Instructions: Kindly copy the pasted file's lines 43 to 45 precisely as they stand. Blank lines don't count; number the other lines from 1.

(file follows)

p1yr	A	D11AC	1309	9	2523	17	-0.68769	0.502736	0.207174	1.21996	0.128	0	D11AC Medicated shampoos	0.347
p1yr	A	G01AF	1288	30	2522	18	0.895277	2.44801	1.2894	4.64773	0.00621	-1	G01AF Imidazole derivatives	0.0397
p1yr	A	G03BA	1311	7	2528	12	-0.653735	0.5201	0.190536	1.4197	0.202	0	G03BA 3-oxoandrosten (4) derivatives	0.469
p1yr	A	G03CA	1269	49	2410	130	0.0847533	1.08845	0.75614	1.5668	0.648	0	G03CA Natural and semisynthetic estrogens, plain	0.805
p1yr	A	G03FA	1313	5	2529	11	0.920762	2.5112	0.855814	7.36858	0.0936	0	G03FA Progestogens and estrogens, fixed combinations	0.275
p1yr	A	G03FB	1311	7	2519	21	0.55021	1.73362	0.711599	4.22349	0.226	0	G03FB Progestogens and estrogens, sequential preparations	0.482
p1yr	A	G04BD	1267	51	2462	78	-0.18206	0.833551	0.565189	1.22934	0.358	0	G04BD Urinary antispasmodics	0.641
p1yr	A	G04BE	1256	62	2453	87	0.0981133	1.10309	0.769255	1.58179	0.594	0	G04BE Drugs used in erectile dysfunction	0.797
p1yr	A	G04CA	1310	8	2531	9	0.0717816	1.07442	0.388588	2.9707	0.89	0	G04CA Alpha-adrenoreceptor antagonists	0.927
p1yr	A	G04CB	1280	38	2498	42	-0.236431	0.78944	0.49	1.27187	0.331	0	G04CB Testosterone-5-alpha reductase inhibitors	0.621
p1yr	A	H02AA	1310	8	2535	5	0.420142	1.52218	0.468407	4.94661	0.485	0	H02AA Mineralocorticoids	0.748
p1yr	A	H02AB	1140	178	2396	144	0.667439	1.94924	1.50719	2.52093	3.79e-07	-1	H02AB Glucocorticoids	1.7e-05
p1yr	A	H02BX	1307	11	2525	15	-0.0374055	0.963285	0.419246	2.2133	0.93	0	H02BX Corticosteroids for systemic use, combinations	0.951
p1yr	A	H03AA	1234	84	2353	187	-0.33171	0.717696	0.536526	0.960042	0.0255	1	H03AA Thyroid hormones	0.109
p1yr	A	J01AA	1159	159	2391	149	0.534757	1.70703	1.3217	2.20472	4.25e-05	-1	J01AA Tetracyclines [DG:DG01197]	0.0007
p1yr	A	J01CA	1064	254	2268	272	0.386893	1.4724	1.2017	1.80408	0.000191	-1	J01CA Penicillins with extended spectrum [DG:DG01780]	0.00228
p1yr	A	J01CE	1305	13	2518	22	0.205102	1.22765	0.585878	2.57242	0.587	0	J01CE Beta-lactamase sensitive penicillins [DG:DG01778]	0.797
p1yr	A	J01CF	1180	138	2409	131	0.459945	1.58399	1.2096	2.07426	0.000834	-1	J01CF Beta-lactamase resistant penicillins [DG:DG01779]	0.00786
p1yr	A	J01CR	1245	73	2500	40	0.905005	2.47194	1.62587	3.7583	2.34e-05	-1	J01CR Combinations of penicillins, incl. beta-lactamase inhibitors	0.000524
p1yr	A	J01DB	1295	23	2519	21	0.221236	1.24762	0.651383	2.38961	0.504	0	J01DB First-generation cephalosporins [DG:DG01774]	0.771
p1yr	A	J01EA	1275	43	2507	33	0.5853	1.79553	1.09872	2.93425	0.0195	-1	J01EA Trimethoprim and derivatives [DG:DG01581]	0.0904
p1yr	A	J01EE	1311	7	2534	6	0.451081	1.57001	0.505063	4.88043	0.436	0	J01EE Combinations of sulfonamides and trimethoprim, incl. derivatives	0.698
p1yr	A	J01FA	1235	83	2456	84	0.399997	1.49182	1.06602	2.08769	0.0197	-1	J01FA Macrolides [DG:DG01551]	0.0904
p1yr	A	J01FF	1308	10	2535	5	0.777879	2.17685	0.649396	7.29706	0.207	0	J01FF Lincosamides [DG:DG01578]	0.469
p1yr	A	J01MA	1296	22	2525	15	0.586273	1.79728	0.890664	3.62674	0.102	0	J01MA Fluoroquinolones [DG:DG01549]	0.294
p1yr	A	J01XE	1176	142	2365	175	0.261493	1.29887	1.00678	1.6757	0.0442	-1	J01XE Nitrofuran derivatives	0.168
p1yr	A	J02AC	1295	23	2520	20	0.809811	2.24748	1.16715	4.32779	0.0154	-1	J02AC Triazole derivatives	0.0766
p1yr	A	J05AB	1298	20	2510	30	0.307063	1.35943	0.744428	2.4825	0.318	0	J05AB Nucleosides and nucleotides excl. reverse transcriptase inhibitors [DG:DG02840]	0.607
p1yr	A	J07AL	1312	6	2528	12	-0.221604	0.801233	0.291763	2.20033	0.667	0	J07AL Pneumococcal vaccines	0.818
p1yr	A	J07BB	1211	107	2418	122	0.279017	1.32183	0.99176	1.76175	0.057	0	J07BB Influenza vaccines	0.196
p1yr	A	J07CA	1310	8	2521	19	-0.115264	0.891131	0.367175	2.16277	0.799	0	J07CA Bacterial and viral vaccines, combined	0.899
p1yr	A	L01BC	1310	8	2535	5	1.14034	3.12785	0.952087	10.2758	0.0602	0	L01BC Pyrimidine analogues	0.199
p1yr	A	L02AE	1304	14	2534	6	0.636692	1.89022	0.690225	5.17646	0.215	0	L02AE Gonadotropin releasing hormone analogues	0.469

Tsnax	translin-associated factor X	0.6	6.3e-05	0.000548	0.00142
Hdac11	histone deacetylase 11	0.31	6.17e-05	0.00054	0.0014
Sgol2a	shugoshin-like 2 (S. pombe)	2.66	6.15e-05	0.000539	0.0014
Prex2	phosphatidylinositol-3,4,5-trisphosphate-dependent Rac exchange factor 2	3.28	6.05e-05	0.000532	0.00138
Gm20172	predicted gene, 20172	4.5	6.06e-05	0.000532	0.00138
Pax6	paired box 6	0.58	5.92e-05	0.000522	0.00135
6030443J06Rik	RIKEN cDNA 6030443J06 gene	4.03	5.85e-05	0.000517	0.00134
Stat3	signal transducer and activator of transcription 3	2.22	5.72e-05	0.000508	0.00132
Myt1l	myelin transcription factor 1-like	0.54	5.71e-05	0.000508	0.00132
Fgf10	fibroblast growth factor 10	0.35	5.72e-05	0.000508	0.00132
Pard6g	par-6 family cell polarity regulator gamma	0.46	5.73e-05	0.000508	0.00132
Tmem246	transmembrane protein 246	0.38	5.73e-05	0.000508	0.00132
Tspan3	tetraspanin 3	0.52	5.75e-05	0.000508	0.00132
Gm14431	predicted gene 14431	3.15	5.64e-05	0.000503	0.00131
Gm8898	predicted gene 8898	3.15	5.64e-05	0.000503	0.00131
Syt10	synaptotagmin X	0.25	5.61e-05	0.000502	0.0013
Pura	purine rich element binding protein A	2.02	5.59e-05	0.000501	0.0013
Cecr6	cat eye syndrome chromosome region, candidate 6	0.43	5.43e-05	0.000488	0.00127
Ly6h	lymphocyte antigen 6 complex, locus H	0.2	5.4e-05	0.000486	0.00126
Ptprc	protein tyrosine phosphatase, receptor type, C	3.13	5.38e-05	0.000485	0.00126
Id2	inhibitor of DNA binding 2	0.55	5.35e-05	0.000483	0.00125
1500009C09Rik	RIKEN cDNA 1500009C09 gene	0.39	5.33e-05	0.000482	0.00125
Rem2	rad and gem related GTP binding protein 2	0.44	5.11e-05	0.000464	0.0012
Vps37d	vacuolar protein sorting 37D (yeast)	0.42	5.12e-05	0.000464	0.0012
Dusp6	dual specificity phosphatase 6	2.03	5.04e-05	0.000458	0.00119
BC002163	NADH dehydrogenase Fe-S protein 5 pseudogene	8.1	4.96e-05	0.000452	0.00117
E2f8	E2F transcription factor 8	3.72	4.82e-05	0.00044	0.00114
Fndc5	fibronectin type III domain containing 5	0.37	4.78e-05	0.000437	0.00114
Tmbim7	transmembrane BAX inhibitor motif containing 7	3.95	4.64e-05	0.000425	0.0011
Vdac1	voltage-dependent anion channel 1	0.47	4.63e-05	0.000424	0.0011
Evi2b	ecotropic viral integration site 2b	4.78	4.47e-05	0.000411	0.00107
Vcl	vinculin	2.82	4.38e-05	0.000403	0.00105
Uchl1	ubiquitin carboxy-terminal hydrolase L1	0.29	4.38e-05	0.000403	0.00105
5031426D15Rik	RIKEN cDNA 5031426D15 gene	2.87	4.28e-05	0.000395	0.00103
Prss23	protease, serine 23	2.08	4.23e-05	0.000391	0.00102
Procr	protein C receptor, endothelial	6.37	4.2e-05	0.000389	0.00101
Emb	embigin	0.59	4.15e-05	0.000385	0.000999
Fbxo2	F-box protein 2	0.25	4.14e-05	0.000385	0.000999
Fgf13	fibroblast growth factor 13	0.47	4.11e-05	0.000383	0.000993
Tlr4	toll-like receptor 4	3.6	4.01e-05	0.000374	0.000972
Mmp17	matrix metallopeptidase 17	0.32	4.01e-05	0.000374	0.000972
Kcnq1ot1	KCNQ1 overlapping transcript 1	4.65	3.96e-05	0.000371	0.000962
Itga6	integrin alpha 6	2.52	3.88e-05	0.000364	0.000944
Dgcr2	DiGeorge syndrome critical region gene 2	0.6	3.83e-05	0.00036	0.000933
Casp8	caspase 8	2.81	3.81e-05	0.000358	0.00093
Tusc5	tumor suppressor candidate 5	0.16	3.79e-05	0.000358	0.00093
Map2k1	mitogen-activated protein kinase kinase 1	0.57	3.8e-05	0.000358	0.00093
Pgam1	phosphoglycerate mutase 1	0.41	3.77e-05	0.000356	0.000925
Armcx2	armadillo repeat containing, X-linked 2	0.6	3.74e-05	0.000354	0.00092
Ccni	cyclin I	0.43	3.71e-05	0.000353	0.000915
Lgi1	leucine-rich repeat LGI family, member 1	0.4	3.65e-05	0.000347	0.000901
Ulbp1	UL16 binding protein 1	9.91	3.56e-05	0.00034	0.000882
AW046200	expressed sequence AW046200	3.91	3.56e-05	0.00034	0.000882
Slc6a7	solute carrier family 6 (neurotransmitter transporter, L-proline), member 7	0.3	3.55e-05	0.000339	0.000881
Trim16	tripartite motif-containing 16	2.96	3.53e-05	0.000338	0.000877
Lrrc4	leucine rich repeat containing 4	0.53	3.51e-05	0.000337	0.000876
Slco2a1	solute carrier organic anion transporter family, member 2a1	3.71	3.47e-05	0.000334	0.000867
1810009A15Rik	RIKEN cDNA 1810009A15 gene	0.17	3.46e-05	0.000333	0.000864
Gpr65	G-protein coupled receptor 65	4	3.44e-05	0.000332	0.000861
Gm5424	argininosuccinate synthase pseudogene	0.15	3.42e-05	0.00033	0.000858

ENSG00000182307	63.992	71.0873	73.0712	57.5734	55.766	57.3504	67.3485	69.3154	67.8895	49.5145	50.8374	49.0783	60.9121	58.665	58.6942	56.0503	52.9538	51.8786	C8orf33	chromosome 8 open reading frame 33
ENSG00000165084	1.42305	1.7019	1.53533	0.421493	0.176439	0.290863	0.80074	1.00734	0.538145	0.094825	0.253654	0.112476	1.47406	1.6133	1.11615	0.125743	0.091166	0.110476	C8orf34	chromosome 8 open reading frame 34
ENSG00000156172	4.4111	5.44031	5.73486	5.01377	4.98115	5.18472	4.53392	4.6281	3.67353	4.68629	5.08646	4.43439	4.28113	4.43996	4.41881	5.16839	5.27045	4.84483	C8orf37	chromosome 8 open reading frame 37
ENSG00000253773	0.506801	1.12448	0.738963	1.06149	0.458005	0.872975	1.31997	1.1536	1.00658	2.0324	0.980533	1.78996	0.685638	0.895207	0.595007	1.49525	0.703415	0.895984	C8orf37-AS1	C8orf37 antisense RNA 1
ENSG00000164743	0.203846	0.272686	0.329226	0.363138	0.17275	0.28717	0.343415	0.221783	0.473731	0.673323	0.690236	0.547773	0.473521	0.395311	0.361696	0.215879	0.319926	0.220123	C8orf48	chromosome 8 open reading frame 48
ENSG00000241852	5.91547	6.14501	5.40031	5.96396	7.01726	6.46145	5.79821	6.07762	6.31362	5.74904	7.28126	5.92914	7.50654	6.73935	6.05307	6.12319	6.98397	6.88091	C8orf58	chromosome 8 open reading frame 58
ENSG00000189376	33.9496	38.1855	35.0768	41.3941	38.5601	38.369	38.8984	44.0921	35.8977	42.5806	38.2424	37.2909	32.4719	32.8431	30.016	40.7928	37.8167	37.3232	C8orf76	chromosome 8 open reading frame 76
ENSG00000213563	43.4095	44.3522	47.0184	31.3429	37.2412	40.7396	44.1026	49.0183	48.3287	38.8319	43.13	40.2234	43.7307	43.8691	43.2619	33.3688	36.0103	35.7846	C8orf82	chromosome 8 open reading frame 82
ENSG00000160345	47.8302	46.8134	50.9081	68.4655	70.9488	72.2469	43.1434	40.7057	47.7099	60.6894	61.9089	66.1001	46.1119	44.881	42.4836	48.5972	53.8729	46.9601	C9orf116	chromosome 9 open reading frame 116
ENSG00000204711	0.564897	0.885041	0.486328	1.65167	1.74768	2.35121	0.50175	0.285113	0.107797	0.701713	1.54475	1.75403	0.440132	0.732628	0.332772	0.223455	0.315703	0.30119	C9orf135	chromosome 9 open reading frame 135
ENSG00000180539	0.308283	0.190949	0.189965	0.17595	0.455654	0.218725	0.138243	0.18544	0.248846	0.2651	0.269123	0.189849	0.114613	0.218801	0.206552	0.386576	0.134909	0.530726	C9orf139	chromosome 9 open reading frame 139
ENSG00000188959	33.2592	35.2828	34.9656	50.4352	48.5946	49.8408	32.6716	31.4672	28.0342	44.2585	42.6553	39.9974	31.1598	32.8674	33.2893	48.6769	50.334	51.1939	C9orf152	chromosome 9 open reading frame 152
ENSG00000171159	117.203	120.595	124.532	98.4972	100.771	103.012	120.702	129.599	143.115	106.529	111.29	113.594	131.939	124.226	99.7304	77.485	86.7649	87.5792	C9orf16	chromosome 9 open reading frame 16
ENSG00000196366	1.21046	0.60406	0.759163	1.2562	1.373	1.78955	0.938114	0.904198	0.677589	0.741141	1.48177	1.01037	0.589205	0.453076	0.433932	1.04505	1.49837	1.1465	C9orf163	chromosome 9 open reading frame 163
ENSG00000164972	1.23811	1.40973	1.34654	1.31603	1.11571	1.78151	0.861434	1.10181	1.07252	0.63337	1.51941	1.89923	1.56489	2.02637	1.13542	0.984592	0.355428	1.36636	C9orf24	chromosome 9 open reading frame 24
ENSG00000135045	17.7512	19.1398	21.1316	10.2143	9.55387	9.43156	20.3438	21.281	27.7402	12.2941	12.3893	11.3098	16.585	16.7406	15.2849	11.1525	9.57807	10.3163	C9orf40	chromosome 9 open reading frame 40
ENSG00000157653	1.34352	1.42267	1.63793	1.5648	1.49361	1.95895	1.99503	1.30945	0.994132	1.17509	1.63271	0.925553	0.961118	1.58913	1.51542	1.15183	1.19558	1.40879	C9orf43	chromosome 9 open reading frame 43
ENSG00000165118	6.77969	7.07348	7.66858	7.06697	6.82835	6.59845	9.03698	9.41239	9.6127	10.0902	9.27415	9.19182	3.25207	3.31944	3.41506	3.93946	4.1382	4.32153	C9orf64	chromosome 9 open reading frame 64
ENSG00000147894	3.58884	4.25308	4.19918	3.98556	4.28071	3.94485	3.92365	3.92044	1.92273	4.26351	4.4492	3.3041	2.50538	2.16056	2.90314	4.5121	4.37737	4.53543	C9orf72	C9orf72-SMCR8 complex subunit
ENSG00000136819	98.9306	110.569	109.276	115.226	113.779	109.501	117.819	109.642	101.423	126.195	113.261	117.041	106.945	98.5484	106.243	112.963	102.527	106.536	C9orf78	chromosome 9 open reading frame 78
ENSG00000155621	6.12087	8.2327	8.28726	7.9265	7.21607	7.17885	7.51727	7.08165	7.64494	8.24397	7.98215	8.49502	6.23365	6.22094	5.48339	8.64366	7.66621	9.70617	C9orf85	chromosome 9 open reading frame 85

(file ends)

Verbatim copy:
Fgf10	fibroblast growth factor 10	0.35	5.72e-05	0.000508	0.00132
Pard6g	par-6 family cell polarity regulator gamma	0.46	5.73e-05	0.000508	0.00132
Tmem246	transmembrane protein 246	0.38	5.73e-05	0.000508	0.00132